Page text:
“Now it came about in those days, when Moses had grown up, that he went out to his brethren and looked on their hard labors; and he saw an Egyptian beating a Hebrew, one of his brethren. So he looked this way and that, and when he saw there was no one around, he struck down the Egyptian and hid him in the sand. He went out the next day, and behold, two Hebrews were fighting with each other; and he said to the offender, “Why are you striking your companion?” But he said, “Who made you a prince or a judge over us? Are you intending to kill me as you killed the Egyptian?” Then Moses was afraid and said, “Surely the matter has become known.” (Exodus 2:11-14).

It was the response of a person who was simultaneously in power and/or felt injustice but didn’t have the third ingredient needed to move either these two–power or pain–to resolution.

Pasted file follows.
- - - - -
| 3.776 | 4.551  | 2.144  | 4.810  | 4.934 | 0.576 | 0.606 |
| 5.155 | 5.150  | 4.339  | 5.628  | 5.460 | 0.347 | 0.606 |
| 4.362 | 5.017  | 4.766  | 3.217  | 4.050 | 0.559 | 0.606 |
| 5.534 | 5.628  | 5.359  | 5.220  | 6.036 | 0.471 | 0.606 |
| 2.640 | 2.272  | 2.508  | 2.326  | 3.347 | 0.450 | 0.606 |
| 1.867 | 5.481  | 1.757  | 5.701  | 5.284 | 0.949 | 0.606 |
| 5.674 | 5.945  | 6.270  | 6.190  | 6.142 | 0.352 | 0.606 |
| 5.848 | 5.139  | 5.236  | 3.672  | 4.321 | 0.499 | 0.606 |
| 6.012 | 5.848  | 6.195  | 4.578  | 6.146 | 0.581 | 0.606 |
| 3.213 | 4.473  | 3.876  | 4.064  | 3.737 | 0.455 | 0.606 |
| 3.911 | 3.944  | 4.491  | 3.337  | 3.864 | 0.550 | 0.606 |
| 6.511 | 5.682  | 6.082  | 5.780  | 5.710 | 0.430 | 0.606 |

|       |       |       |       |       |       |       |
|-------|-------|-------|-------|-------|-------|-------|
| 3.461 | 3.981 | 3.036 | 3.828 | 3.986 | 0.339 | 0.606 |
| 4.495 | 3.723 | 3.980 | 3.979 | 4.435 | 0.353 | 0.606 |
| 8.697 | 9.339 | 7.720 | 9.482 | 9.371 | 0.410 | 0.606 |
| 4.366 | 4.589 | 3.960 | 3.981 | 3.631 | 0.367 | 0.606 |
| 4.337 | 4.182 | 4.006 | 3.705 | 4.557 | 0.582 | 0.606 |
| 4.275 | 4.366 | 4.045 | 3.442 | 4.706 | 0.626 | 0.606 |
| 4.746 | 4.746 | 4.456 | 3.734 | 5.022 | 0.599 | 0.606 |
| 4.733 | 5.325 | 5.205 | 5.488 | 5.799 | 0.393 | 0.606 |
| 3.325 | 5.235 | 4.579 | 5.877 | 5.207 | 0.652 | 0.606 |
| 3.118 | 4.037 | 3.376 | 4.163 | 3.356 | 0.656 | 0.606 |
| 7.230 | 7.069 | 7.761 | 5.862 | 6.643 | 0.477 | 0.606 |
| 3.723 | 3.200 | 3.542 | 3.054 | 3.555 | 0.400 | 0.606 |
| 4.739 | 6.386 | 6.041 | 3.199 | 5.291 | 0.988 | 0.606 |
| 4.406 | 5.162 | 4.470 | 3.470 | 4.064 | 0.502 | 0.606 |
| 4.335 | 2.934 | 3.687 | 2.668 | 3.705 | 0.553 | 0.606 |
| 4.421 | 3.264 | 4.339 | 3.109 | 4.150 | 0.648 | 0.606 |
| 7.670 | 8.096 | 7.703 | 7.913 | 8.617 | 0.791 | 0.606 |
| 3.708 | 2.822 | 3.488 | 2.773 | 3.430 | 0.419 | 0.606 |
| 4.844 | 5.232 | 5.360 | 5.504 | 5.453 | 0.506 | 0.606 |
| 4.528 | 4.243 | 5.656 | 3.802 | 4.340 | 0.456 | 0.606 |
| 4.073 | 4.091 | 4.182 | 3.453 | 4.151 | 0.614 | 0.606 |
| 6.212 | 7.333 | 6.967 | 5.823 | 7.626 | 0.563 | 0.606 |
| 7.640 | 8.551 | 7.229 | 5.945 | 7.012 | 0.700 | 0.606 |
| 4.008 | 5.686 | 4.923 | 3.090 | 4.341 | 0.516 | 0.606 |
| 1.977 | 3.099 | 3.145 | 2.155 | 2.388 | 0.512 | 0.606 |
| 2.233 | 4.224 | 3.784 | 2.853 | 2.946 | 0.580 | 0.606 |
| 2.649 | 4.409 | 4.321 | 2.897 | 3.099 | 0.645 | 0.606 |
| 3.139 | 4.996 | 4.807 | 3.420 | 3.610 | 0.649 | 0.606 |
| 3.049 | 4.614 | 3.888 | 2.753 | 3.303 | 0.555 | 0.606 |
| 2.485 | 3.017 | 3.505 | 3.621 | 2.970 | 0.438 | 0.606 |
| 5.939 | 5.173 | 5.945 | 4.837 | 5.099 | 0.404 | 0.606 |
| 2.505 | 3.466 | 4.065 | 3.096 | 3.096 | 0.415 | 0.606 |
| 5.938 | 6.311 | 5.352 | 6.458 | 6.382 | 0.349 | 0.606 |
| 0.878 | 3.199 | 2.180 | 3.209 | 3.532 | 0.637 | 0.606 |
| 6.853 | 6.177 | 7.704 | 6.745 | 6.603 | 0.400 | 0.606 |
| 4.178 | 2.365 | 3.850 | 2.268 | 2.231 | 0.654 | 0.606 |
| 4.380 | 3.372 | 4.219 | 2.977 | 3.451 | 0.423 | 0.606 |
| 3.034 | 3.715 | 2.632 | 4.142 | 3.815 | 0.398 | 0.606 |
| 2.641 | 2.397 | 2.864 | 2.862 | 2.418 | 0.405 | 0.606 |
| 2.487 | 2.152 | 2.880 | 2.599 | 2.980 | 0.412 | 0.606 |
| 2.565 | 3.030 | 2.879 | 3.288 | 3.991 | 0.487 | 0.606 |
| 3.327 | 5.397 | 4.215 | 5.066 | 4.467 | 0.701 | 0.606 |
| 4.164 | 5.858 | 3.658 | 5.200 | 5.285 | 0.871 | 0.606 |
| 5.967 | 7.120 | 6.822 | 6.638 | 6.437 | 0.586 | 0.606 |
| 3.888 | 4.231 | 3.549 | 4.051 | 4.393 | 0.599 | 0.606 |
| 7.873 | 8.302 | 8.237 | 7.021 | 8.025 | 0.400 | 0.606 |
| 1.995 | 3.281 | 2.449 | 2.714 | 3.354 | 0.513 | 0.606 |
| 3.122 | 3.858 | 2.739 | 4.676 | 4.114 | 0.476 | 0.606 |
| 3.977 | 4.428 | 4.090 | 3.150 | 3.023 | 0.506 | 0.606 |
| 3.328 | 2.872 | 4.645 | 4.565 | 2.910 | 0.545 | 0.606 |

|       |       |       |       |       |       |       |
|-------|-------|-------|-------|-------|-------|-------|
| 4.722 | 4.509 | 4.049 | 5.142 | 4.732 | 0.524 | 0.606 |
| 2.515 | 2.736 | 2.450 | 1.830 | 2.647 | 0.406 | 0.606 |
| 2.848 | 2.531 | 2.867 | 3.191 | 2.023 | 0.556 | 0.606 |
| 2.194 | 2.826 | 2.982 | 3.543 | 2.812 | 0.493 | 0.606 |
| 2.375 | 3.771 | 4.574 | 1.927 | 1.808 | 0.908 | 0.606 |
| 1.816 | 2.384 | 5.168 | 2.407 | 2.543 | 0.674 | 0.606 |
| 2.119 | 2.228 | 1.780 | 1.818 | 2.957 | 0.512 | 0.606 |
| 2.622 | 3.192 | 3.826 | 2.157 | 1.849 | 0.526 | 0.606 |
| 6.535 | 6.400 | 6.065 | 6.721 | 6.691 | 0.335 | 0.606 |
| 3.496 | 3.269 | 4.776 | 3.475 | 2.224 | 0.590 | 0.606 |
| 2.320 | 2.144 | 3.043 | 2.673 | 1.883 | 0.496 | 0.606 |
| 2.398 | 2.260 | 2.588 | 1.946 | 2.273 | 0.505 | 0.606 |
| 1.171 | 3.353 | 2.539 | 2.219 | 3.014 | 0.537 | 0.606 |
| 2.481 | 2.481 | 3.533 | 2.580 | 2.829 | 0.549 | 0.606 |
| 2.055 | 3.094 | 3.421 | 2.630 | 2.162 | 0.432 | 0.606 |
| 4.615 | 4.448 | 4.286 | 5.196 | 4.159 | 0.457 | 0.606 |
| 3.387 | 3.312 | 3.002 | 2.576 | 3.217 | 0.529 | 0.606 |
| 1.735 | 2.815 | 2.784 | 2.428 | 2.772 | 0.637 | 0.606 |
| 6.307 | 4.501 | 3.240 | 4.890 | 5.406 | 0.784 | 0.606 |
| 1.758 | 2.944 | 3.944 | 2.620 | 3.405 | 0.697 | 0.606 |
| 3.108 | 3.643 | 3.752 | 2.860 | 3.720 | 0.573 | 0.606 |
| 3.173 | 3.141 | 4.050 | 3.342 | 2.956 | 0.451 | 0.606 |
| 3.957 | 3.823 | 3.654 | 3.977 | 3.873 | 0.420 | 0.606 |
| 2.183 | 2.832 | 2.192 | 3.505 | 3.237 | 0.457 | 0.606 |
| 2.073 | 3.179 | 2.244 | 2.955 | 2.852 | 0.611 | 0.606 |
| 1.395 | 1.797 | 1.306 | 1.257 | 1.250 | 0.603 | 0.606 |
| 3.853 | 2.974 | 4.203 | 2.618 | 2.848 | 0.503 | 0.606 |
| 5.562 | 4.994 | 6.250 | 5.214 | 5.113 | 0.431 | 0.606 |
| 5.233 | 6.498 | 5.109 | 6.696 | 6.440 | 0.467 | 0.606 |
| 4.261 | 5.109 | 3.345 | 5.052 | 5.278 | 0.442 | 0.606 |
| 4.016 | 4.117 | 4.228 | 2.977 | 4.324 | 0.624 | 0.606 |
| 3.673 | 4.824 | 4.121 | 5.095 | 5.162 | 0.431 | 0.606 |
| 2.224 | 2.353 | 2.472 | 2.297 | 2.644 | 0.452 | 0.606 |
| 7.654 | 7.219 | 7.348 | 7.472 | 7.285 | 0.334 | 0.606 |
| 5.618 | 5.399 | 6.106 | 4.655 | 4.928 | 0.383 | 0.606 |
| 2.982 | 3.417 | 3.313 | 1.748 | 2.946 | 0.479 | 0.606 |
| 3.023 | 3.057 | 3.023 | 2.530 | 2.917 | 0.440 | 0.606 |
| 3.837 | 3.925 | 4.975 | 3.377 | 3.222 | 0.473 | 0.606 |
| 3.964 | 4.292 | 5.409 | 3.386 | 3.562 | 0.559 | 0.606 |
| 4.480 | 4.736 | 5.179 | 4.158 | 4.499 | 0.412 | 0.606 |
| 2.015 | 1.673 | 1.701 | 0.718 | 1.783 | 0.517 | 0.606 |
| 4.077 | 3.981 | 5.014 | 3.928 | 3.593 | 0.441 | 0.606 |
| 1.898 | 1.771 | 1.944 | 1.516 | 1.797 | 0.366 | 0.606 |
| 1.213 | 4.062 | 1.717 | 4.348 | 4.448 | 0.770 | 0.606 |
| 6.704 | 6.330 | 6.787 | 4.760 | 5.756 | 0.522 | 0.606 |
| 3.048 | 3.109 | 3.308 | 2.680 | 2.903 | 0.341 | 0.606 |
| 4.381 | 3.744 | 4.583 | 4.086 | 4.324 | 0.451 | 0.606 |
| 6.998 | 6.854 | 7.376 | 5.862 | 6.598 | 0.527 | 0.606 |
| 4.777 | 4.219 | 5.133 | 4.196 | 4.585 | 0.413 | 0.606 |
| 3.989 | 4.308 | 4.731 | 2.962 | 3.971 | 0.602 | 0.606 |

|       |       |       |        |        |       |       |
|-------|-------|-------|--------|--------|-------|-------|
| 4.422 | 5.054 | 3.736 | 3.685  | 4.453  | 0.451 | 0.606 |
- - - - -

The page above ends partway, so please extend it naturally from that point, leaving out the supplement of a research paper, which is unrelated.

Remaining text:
We will discuss that third ingredient more in the next post. It has become the main story of my life.

But it is hinted at in the Hebrews response: Who made you the Judge over us?

It is judgment that makes anger useful. Anger gets us to the court room of God, but seeing and understanding God’s justice and judgment process gets us to a new type of angry leadership.

Without judgment the only result is immature justice or what can be called judgmentalism—premature or primitive justice. It is the nastier cousin of racism.

God spent the next 40 years developing Moses’ understanding of divine judgment. What do you think the sanctuary service was all for. It was a revelation of what God does with His rightful anger to humans. All those symbols and the cloth and the rituals…especially  the day of atonement, the sacrifices. These mixed with those long starry nights in the dessert taught Moses about the ANGER OF GOD.

Anger can only get anyone, including God, so far. There has to be something else.

God wanted to show Moses that something else was a steady hand of work of “redemption,” a process by which the one being wronged, in the ultimate case, God, works for the salvation of those who wronged him.